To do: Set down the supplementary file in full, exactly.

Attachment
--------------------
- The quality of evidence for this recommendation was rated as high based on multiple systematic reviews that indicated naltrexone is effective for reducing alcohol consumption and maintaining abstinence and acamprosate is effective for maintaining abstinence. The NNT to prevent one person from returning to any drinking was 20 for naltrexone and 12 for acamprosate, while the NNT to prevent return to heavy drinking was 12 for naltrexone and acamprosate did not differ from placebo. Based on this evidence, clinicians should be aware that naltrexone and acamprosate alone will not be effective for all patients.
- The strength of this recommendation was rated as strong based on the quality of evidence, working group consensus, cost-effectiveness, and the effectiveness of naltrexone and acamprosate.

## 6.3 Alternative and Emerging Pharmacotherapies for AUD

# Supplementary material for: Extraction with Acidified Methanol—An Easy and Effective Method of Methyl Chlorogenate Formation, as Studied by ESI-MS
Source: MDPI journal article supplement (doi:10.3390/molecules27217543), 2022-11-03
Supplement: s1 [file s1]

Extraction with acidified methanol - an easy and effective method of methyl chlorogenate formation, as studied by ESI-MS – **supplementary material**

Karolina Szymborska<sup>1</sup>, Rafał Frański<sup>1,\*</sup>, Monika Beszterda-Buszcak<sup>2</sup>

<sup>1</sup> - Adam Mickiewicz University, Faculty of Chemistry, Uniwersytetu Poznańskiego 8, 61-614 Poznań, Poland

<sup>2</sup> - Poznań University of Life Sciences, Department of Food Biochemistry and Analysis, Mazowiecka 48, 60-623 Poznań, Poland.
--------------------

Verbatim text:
- The quality of evidence for this recommendation was rated as high based on multiple systematic reviews that indicated naltrexone is effective for reducing alcohol consumption and maintaining abstinence and acamprosate is effective for maintaining abstinence. The NNT to prevent one person from returning to any drinking was 20 for naltrexone and 12 for acamprosate, while the NNT to prevent return to heavy drinking was 12 for naltrexone and acamprosate did not differ from placebo. Based on this evidence, clinicians should be aware that naltrexone and acamprosate alone will not be effective for all patients.
- The strength of this recommendation was rated as strong based on the quality of evidence, working group consensus, cost-effectiveness, and the effectiveness of naltrexone and acamprosate.

## 6.3 Alternative and Emerging Pharmacotherapies for AUD

# Supplementary material for: Extraction with Acidified Methanol—An Easy and Effective Method of Methyl Chlorogenate Formation, as Studied by ESI-MS
Source: MDPI journal article supplement (doi:10.3390/molecules27217543), 2022-11-03
Supplement: s1 [file s1]

Extraction with acidified methanol - an easy and effective method of methyl chlorogenate formation, as studied by ESI-MS – **supplementary material**

Karolina Szymborska<sup>1</sup>, Rafał Frański<sup>1,\*</sup>, Monika Beszterda-Buszcak<sup>2</sup>

<sup>1</sup> - Adam Mickiewicz University, Faculty of Chemistry, Uniwersytetu Poznańskiego 8, 61-614 Poznań, Poland

<sup>2</sup> - Poznań University of Life Sciences, Department of Food Biochemistry and Analysis, Mazowiecka 48, 60-623 Poznań, Poland.